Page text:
- The Washington Times - Tuesday, March 27, 2001

As early as today, the Senate could vote on the bipartisan Hagel-Landrieu campaign-finance bill, which is the principal alternative to the rabidly anti-First Amendment McCain-Feingold campaign-finance legislation. The bill offered by Republican Sen. Chuck Hagel and Democratic Sen. Mary Landrieu is not problem-free. Still, it is infinitely better than the legislation proposed by Republican Sen. John McCain and Democratic Sen. Russell Feingold. Choosing between them is not difficult.

In response to Democratic charges that unlimited soft-money contributions to political parties by individuals, unions and corporations have corrupted the political process, the Hagel-Landrieu bill would limit soft-money donations to $60,000 per year. McCain-Feingold would ban soft money completely, thus delivering a crippling blow to the ability of parties to conduct the very political activities for which they were organized.

Despite an absence of any evidence, Democrats are virtually unanimous in their belief that unlimited soft-money donations breed political corruption in America. As long as soft-money contributions are promptly disclosed, so that voters may judge for themselves to what extent "special interests" are influencing political parties, there is nothing wrong with unlimited soft-money contributions. Apparently, though, the Democratic Party feels corrupted by receiving soft-money contributions in the 1999-2000 election cycle of $6.3 million, $4.7 million and $2.4 million, respectively, from the American Federation of State, County and Municipal Employees (AFSCME), the Service Employees International Union and the Communications Workers of America. To be sure, there is a whiff of corruption here. However, that stems from the fact that such contributions come from union treasuries, to which all union members, including the nearly 40 percent who vote for Republicans, are forced to pay their union dues. If Democrats really want to salve their consciences, let them forego the contributions from Republican unionists. In the meantime, by limiting annual soft-money donations to $60,000, Hagel-Landrieu will alleviate 98 percent of the Democrats' guilt over AFSCME's soft-money contributions.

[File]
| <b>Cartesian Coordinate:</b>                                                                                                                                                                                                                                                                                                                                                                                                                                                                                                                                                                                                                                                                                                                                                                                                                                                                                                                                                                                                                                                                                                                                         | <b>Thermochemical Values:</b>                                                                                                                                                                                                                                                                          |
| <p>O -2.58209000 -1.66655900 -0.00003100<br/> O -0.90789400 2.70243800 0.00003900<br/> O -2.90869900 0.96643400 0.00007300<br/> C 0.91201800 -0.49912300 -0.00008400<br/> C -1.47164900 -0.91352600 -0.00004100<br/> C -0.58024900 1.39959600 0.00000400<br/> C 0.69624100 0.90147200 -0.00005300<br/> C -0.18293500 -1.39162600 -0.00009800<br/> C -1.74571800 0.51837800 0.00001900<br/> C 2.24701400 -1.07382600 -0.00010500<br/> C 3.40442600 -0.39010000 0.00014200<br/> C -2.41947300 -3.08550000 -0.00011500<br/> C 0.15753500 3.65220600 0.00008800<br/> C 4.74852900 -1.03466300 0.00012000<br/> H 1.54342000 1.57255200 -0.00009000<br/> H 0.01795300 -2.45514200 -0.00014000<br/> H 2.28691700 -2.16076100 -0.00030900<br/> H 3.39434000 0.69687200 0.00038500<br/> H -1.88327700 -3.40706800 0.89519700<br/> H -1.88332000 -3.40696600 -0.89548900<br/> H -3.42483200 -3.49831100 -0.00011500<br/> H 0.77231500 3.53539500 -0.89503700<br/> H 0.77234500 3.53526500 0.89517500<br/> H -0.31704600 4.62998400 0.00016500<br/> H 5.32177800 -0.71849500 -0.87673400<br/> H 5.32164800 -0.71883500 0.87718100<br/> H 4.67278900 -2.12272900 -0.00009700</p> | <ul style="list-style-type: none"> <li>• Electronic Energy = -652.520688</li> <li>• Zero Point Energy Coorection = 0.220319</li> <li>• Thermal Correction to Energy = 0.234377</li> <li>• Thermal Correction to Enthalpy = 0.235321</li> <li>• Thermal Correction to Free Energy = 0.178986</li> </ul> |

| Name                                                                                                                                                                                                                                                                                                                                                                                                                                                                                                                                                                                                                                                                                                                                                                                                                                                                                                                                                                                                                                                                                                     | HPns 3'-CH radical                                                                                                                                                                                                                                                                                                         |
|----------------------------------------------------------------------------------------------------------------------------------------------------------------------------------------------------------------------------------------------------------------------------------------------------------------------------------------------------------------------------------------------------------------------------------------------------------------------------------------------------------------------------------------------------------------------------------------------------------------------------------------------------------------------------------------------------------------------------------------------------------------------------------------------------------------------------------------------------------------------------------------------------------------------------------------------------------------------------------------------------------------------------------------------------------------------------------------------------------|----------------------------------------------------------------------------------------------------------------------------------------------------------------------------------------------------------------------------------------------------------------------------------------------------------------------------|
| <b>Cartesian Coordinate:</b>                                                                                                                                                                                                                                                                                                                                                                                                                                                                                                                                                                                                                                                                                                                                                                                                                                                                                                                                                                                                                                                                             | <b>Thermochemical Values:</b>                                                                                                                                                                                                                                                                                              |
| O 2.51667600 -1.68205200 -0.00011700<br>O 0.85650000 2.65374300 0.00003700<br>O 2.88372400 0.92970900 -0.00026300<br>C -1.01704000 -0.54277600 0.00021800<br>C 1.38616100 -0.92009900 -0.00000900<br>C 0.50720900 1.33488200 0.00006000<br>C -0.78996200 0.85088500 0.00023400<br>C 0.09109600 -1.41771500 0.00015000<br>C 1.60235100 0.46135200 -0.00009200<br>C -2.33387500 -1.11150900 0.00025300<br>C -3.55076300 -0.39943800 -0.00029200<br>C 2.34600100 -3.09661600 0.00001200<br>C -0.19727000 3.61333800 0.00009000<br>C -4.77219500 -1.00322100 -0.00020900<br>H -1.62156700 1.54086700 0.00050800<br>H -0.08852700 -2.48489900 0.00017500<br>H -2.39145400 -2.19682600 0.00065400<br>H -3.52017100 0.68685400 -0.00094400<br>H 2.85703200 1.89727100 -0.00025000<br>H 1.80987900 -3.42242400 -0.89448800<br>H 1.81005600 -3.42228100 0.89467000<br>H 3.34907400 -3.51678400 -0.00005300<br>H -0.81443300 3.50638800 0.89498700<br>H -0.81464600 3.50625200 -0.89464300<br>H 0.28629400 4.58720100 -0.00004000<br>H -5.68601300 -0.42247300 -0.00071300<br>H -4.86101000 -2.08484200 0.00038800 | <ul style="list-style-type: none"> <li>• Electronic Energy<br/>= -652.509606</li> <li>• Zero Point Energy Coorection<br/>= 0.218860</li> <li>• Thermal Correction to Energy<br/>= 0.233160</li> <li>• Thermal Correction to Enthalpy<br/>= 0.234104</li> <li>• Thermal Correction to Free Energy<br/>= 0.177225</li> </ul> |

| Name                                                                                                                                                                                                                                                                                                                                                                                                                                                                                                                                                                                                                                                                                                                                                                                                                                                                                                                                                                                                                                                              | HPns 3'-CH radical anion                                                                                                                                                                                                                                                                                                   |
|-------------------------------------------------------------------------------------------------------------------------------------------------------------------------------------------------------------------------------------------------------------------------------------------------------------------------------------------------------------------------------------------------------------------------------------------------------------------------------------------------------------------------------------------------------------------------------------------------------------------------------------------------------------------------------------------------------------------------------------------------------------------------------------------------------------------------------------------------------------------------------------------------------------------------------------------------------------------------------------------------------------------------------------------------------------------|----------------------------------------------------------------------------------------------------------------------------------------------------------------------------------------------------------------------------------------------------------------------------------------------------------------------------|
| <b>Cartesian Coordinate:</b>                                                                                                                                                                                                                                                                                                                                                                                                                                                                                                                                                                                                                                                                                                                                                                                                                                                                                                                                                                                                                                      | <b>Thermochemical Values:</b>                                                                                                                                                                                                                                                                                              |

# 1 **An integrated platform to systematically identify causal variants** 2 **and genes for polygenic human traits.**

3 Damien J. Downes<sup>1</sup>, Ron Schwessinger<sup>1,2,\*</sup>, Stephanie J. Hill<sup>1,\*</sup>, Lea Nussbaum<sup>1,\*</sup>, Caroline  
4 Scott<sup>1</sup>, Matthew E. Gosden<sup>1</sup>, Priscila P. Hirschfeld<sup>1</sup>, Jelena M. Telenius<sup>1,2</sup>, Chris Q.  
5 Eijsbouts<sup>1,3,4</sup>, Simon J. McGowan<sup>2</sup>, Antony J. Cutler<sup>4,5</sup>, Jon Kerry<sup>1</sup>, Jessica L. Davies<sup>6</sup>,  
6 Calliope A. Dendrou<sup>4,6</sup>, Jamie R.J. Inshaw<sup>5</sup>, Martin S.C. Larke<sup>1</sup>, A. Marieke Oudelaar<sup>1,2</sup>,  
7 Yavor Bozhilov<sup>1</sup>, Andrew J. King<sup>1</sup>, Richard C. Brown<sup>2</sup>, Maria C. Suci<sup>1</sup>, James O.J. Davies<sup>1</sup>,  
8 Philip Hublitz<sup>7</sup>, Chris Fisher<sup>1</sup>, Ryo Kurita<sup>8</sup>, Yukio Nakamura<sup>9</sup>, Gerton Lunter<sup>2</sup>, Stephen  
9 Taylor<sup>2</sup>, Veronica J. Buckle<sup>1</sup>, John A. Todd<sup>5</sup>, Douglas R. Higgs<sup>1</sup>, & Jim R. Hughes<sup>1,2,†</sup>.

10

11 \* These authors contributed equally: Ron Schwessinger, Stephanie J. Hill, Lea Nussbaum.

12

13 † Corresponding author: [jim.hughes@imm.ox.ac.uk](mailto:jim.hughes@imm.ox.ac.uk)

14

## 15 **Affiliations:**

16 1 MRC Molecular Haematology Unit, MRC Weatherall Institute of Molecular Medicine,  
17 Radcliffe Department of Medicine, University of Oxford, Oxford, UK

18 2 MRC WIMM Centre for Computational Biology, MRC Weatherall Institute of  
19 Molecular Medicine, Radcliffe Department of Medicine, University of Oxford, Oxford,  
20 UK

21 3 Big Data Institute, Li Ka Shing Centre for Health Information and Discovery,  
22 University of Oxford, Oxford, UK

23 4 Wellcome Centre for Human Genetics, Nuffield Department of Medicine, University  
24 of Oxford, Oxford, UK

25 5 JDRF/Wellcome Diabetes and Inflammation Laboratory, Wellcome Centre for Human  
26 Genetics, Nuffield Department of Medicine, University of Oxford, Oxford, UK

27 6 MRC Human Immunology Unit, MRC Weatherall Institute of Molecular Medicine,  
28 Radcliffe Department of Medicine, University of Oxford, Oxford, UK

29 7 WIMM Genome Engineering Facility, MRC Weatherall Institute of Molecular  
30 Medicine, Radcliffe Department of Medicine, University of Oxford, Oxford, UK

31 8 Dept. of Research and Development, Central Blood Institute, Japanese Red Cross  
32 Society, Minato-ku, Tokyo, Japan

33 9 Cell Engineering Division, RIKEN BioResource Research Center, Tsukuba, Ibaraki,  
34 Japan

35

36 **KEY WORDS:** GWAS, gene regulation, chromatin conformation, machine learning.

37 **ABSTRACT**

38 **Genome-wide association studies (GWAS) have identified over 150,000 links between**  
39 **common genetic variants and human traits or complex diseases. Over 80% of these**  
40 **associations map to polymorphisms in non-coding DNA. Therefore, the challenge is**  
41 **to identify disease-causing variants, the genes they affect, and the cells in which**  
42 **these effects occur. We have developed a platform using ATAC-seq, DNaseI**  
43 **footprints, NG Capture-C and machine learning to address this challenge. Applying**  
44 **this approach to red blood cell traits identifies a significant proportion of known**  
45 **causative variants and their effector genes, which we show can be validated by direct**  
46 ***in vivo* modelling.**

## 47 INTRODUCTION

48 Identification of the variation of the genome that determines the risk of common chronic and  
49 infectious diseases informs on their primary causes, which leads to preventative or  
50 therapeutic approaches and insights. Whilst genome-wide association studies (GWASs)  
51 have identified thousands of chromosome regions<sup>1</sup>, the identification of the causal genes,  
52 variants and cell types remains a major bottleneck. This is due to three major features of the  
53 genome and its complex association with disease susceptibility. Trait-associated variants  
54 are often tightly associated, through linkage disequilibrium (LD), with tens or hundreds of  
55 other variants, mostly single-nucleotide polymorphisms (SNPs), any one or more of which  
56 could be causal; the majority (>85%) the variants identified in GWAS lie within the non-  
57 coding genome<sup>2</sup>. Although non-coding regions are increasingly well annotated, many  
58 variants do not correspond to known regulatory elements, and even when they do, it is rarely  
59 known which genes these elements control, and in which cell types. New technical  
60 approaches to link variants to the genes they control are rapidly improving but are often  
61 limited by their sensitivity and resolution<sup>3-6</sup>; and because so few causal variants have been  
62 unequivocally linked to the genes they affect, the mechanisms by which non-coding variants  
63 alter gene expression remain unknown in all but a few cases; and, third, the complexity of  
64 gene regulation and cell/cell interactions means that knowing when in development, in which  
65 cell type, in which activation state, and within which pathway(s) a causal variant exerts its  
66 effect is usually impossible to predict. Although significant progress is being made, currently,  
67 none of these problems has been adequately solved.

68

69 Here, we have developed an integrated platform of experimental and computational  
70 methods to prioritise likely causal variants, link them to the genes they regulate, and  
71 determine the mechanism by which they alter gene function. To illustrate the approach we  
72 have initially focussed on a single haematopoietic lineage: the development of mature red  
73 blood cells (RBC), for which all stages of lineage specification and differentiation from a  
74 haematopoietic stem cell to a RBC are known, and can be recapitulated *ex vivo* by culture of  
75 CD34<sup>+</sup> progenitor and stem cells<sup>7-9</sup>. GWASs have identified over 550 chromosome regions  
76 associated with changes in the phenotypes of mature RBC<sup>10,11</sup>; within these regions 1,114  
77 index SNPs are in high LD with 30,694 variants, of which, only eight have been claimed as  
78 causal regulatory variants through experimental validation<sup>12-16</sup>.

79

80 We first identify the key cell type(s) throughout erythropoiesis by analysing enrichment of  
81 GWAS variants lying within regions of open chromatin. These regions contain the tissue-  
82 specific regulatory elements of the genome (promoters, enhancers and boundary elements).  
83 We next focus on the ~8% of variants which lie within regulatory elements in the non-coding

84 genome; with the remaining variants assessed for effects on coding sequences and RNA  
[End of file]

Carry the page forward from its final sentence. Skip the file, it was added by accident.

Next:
Unlike the McCain-Feingold proposal, the Hagel-Landrieu bill would increase the hard-money contribution limits from individuals to candidates from $1,000 per election to $3,000. It would also raise limits on individual contributions to national party committees from $20,000 to $60,000. Since these limits have not been increased since they were established in 1974, their purchasing power has been eviscerated, as the cost of campaigning has increased much faster than the general rate of inflation. Raising these limits is long overdue.

The final important difference between Hagel-Landrieu and McCain-Feingold is that the former does not eliminate the free speech rights of unions and corporations to finance issue ads mentioning a candidate's name within 60 days of a general election. By no means is Hagel-Landrieu the solution to all perceived campaign-finance problems, but it is far preferable to the unconstitutional provisions of McCain-Feingold.


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